Author(s): Wong CP, Nguyen LP, Noh SK, Bray TM, Bruno RS,
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Abstract Regulatory T cells (Treg) are critical in maintaining immune tolerance and suppressing autoimmunity. The transcription factor Foxp3 serves as a master switch that controls the development and function of Treg. Foxp3 expression is epigenetically regulated by DNA methylation, and DNA methyltransferase (DNMT) inhibitors can induce Foxp3 expression in naive CD4(+) T cells. We showed that EGCG, a major green tea polyphenol, could act as a dietary DNMT inhibitor, and induced Foxp3 and IL-10 expression in CD4(+) Jurkat T cells at physiologically relevant concentrations in vitro. We further showed that mice treated with EGCG in vivo had significantly increased Treg frequencies and numbers in spleen and lymph nodes and had inhibited T cell response. Induction of Foxp3 expression correlated with a concomitant reduction in DNMT expression and a decrease in global DNA methylation. Our data suggested that EGCG can induce Foxp3 expression and increase Treg frequency via a novel epigenetic mechanism. While the DNMT inhibitory effects of EGCG was not as potent as pharmacologic agents such as 5-aza-2'-deoxycytidine, the ability of dietary agents to target similar mechanisms offers opportunities for potentially sustained and longer-term exposures with lower toxicity. Our work provides the foundation for future studies to further examine and evaluate dietary strategies to modulate immune function. Published by Elsevier B.V.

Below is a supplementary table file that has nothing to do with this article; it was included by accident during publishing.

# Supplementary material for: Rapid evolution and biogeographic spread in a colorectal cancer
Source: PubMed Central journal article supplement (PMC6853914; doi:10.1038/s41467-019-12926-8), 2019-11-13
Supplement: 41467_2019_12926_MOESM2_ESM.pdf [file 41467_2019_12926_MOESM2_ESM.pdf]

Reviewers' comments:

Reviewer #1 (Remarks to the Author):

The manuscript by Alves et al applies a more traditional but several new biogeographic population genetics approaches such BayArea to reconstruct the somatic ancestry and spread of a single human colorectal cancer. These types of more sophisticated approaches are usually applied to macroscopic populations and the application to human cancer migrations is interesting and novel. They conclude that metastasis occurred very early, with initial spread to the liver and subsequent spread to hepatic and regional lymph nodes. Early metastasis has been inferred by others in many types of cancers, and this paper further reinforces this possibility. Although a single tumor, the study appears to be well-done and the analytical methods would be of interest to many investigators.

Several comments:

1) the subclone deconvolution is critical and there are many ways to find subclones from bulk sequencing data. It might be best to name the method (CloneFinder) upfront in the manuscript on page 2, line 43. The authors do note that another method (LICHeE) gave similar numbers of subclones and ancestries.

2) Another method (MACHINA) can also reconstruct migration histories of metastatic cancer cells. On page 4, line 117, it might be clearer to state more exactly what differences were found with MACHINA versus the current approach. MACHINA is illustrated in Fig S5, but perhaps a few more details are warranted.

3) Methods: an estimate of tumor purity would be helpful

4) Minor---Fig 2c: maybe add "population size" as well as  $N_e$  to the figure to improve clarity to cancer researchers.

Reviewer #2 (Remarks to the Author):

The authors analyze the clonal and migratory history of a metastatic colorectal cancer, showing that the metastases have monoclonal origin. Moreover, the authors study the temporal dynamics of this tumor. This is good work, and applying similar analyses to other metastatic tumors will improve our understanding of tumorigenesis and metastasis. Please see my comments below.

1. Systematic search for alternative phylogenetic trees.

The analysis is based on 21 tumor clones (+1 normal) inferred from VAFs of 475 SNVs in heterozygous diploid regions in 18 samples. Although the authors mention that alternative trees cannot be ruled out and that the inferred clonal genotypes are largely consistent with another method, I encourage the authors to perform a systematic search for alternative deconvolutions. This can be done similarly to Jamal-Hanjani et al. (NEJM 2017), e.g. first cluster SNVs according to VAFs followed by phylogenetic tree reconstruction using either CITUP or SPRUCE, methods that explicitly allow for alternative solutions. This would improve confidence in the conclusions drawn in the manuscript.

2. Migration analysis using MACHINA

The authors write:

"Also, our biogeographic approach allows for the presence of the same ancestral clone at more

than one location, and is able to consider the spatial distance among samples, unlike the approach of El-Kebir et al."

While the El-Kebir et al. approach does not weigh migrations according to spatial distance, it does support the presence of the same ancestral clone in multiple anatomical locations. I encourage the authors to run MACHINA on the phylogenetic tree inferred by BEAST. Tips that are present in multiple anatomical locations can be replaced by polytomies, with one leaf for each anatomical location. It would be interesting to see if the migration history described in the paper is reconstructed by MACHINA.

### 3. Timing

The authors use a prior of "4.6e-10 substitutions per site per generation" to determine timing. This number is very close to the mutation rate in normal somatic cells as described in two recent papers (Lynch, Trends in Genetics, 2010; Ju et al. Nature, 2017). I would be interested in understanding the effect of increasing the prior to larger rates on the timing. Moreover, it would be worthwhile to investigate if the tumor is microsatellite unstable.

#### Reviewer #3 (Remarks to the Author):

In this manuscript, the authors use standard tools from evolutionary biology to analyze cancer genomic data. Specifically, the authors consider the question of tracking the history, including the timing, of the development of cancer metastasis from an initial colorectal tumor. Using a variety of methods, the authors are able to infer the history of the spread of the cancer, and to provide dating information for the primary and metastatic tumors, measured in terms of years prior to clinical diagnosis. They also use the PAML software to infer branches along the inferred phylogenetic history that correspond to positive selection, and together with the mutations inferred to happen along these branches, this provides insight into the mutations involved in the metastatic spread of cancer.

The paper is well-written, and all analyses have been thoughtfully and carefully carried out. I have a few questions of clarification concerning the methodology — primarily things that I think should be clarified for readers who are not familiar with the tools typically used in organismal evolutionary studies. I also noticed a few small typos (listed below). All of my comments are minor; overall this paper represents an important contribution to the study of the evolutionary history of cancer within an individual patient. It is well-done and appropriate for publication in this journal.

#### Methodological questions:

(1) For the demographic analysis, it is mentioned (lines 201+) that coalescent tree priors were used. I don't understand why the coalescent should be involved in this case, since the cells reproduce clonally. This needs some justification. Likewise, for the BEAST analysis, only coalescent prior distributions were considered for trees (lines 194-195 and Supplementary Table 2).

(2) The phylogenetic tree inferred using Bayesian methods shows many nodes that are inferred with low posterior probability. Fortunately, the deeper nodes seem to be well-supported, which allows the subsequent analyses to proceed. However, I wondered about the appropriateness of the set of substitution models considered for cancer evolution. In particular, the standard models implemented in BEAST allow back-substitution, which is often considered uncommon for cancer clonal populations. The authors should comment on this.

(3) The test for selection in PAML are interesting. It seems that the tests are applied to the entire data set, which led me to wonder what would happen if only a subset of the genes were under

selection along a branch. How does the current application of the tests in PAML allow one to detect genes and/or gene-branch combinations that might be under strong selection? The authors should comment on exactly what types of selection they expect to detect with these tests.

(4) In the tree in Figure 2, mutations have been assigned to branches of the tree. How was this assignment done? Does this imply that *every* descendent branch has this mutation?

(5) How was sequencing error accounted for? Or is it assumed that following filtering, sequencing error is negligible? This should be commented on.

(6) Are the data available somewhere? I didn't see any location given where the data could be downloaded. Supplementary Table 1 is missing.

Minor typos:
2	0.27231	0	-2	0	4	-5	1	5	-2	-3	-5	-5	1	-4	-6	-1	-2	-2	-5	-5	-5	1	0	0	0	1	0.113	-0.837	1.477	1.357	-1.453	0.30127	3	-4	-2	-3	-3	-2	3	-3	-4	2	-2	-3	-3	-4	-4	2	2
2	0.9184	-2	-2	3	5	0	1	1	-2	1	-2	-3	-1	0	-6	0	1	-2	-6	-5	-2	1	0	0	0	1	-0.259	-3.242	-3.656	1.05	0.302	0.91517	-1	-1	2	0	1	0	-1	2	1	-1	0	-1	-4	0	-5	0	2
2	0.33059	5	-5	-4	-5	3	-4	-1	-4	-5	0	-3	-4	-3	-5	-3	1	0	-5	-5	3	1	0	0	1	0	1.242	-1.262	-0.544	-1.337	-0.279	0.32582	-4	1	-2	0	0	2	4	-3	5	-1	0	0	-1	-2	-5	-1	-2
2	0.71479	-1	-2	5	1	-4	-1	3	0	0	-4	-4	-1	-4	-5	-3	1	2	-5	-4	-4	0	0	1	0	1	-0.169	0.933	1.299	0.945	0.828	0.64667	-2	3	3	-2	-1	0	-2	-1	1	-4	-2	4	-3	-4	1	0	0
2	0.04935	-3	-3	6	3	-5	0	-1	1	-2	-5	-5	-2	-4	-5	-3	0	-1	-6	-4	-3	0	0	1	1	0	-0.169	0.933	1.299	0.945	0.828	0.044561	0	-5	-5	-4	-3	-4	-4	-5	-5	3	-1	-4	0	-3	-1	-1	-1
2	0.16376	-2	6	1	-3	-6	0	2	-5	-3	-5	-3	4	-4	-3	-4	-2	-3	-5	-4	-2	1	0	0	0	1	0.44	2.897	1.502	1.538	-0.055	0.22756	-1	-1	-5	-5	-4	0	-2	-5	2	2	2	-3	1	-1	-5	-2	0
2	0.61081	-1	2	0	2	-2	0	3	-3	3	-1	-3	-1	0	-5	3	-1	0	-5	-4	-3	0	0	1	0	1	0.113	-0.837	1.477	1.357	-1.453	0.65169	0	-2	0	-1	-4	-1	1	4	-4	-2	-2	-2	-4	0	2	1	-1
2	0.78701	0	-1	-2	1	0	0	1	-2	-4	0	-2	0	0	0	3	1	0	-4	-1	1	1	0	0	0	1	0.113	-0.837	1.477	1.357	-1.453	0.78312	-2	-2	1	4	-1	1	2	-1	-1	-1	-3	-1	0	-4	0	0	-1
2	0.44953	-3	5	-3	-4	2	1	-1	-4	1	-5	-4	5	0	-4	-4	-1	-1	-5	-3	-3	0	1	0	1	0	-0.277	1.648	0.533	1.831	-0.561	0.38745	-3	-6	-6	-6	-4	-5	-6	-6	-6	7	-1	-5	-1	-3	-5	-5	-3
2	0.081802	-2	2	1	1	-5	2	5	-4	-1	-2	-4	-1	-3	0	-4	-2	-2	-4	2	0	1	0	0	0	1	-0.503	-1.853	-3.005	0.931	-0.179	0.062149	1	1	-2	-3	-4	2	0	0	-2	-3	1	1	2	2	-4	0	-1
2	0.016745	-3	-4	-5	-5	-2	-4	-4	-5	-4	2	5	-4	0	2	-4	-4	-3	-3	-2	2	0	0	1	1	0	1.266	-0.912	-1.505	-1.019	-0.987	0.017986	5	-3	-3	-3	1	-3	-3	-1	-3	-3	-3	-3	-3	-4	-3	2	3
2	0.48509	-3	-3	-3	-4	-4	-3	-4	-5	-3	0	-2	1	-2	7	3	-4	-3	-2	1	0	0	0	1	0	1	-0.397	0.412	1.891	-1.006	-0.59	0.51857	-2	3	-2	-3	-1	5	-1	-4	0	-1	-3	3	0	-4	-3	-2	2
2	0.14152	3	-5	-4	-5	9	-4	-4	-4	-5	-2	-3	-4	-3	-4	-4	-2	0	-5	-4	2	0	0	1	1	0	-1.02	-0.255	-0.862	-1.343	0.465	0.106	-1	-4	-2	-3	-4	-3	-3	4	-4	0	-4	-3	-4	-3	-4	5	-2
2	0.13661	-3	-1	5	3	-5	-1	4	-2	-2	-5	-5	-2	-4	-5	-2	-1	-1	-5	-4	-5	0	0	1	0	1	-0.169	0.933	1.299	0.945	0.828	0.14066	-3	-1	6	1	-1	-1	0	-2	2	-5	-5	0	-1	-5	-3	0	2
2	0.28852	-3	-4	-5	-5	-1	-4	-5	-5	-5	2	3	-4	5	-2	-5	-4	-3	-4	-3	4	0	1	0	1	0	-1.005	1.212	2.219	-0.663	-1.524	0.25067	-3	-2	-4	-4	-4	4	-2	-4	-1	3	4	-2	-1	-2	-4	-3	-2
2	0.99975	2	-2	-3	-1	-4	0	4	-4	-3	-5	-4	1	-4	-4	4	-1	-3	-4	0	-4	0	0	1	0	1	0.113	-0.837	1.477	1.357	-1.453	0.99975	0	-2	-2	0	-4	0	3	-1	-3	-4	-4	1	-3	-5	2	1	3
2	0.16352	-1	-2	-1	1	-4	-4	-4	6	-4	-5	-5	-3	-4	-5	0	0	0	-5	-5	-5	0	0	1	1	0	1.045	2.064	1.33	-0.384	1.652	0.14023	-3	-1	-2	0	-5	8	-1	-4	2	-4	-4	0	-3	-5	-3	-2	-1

This article was published in Immunol Lett
and referenced in Journal of Clinical & Cellular Immunology